Hastings' Dictionary of the Bible
VOWS . In common with most peoples of the ancient world, the making of vows was of frequent occurrence among the Israelites. The underlying idea in making a vow was to propitiate the Deity; this was done either by promising to do something for Him, or to please Him by the exercise of self-denial. Vows were made from a variety of motives: Jacob vows a vow according to which he will please Jahweh by becoming His worshipper, on condition that Jahweh will keep him safe during his journey and give him food and raiment ( Genesis 28:20-22 ). Jephthah vows to offer to Jahweh the first person he sees coming out of his house on his return from battle, provided he is victorious ( Judges 11:30-31 ). Hannah vows that if Jahweh gives her a son, she will dedicate him to the service of God ( 1 Samuel 1:11 ). These cases are typical: in each something is promised to God, on condition that God will do something for him who makes the vow. But there was another class of vows which were of a more disinterested character; the most striking here would be the Nazirite vow, according to which a man undertook to lead a strenuously austere life, which was supposed to approximate to the simple life of the patriarchs; that was done out of protest against the current mode of life, which had been largely adopted from the Canaanites; indeed, the Nazirite vow implied, and was intended to be, a life of greater loyalty to Jahweh.
There are two words in Hebrew for a vow though they do not necessarily correspond to the two ideas just mentioned: neder , which is a vow whereby a man dedicates something, even himself, to God; ’issar , a vow by which a man binds himself to abstain from enjoyment, or to exercise self-denial, in honour of Jahweh.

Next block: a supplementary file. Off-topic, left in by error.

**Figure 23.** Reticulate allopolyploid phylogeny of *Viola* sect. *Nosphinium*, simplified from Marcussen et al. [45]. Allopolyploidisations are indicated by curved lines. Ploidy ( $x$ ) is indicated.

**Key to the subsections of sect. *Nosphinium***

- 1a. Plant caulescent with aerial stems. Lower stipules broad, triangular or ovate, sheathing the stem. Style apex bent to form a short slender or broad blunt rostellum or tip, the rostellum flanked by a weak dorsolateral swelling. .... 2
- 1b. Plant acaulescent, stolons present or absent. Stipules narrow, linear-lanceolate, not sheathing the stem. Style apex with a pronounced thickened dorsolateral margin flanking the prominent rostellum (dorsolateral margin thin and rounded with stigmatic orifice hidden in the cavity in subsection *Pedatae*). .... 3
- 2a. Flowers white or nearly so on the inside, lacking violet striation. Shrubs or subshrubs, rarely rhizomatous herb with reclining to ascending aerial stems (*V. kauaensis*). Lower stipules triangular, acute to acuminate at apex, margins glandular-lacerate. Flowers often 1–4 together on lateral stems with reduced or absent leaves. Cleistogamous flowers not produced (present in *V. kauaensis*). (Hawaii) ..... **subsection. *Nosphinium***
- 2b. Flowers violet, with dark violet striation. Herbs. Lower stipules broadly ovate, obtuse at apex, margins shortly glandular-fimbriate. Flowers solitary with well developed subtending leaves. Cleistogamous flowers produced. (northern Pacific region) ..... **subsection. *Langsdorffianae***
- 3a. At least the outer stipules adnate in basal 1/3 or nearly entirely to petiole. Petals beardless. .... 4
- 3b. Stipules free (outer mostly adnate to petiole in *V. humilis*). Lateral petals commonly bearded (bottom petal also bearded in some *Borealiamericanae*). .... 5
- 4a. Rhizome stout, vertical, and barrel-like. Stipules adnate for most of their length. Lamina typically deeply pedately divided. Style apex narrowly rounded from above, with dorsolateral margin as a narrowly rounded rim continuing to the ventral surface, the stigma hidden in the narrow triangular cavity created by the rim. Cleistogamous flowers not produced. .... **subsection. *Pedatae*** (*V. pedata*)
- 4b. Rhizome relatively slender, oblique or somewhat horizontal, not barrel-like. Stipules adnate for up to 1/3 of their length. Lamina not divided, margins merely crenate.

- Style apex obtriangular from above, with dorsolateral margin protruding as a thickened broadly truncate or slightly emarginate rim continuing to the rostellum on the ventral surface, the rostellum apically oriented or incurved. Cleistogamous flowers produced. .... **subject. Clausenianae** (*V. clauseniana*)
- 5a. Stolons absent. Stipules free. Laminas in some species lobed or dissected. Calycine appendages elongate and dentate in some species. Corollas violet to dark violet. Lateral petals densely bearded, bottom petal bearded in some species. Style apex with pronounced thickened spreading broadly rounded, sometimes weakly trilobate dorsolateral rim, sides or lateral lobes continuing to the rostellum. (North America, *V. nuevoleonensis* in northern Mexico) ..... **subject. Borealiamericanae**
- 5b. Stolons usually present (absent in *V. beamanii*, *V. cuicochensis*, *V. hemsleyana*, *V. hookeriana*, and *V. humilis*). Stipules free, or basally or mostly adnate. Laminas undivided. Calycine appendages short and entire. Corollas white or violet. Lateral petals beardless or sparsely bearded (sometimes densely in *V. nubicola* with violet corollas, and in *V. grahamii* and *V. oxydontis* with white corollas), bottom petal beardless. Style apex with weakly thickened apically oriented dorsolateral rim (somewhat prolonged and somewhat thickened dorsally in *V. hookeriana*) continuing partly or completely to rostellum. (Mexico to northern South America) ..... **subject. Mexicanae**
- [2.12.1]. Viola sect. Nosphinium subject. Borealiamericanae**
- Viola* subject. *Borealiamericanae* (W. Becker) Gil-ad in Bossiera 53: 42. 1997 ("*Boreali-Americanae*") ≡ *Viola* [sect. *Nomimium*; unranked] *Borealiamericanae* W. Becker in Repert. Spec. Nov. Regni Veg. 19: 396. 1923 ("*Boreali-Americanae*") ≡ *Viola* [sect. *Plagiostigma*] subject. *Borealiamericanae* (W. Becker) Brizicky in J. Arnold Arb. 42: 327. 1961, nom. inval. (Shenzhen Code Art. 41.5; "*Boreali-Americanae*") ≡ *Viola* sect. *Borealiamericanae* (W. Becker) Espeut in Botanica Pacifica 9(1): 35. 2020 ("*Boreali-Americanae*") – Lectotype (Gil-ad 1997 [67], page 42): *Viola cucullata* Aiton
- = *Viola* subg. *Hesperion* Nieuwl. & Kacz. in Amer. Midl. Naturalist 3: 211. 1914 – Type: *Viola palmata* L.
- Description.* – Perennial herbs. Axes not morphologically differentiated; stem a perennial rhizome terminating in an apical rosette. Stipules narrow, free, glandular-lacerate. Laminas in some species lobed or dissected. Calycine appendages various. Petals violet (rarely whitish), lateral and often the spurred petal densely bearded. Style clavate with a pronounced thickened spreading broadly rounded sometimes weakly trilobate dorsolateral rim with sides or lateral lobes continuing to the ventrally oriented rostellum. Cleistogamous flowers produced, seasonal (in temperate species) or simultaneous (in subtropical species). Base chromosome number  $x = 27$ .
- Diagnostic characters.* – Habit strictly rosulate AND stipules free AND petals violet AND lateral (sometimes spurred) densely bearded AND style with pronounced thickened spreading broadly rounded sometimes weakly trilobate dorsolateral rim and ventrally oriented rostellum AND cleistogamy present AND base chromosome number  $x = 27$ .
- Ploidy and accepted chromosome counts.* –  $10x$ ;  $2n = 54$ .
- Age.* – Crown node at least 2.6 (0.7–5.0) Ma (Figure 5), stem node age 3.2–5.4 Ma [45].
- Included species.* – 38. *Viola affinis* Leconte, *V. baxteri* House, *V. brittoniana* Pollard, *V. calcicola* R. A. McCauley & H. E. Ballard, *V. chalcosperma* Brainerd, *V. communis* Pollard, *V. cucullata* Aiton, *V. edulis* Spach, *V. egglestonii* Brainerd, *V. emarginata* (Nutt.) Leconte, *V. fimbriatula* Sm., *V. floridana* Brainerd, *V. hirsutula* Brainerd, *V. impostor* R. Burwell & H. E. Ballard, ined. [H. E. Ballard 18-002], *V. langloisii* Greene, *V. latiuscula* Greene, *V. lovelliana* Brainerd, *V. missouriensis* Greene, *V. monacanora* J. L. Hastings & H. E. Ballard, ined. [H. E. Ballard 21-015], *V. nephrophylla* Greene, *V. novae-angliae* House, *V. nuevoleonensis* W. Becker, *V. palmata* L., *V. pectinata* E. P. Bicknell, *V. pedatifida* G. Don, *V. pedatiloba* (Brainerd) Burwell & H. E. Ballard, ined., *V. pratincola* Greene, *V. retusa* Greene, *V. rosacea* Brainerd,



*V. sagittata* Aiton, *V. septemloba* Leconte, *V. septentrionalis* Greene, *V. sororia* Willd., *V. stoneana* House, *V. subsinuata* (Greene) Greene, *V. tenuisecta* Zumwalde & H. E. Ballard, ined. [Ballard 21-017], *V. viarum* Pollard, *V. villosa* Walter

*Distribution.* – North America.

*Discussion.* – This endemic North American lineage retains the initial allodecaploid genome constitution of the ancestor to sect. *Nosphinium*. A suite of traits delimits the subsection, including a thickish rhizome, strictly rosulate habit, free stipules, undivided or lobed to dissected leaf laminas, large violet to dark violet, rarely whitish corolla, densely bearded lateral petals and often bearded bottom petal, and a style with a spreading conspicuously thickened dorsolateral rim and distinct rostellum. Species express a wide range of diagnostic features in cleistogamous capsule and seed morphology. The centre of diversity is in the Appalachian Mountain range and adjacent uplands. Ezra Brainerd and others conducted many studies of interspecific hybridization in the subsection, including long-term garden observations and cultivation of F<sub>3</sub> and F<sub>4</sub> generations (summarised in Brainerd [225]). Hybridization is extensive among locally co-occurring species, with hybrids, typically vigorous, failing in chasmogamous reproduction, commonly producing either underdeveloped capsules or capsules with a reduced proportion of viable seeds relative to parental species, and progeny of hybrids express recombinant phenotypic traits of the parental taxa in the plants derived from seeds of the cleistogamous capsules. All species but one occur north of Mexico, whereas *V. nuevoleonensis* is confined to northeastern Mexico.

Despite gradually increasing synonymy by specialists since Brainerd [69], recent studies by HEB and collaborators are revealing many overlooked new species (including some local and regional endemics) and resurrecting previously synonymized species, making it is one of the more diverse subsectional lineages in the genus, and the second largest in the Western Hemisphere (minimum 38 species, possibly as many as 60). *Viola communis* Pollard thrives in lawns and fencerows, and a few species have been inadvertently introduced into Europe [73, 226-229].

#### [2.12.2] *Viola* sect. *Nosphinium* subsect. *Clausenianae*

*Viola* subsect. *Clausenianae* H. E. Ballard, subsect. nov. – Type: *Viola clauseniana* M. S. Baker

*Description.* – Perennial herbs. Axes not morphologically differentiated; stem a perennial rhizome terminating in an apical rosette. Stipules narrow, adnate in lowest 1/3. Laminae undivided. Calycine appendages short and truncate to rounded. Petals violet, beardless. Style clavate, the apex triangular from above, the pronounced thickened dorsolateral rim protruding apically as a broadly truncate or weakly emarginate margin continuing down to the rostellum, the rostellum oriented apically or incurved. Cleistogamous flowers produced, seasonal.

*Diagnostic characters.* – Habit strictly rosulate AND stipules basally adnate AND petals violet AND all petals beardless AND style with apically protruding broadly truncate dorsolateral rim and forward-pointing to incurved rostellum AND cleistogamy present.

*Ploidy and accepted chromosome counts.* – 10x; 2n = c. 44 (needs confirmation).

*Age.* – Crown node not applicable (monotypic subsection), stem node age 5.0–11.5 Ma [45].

Vows were clearly of very common occurrence in Israel, indeed it would almost seem as though at one time it was deemed generally incumbent on men to make vows; this would, at all events, explain the words in Deuteronomy 23:22 , ‘But if thou shalt forbear to vow, it shall be no sin in thee.’ A vow having once been made had to be kept at all costs ( Deuteronomy 23:21; Deuteronomy 23:23 , Numbers 30:2 , Judges 11:35 ); though, as regards women, they might be absolved by father or husband, under certain conditions, from fulfilling a vow ( Numbers 30:1-8 ). From the expression used in connexion with the making of a vow, ‘to bind the soul’ ( Numbers 30:2 ), it would seem that the idea was that if the vow was broken the life was forfeited to the Deity to whom the vow had been made; the warning, therefore, of Proverbs 20:25 , Exodus 5:5 (4), needed.
In making a vow in which something was promised to Jahweh, only such things could be promised as were truly the property of him who vowed; for this reason a man might not promise a firstling or the like, as that was already the property of Jahweh (cf. Leviticus 27:26-29 ).
In later times the spirit in which vows were observed appears to have degenerated; Malachi speaks sternly of those who make a vow, and in fulfilling it sacrifice unto the Lord ‘a blemished thing’ (Malachi 1:14 ). Another, and still worse, misuse of vows meets us in the Gospels: the spurious piety of some men induced them to vow gifts to the use of the sanctuary, but they neglected, in consequence, the most obvious duties of natural affection; when a man uttered the word ‘ Corban ’ in reference to any possession of his, it meant that it was dedicated to God. Money that should have gone to the support of aged parents was pronounced to be ‘Corban,’ the son felt himself relieved of all further responsibility regarding his parents, and took honour to himself for having piously dedicated his substance to God (see Matthew 15:5 , Mark 7:9 ff.).
W. O. E. Oesterley.
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Hastings, James. Entry for 'Vows'. Hastings' Dictionary of the Bible. https://www.studylight.org/dictionaries/eng/hdb/v/vows.html. 1909.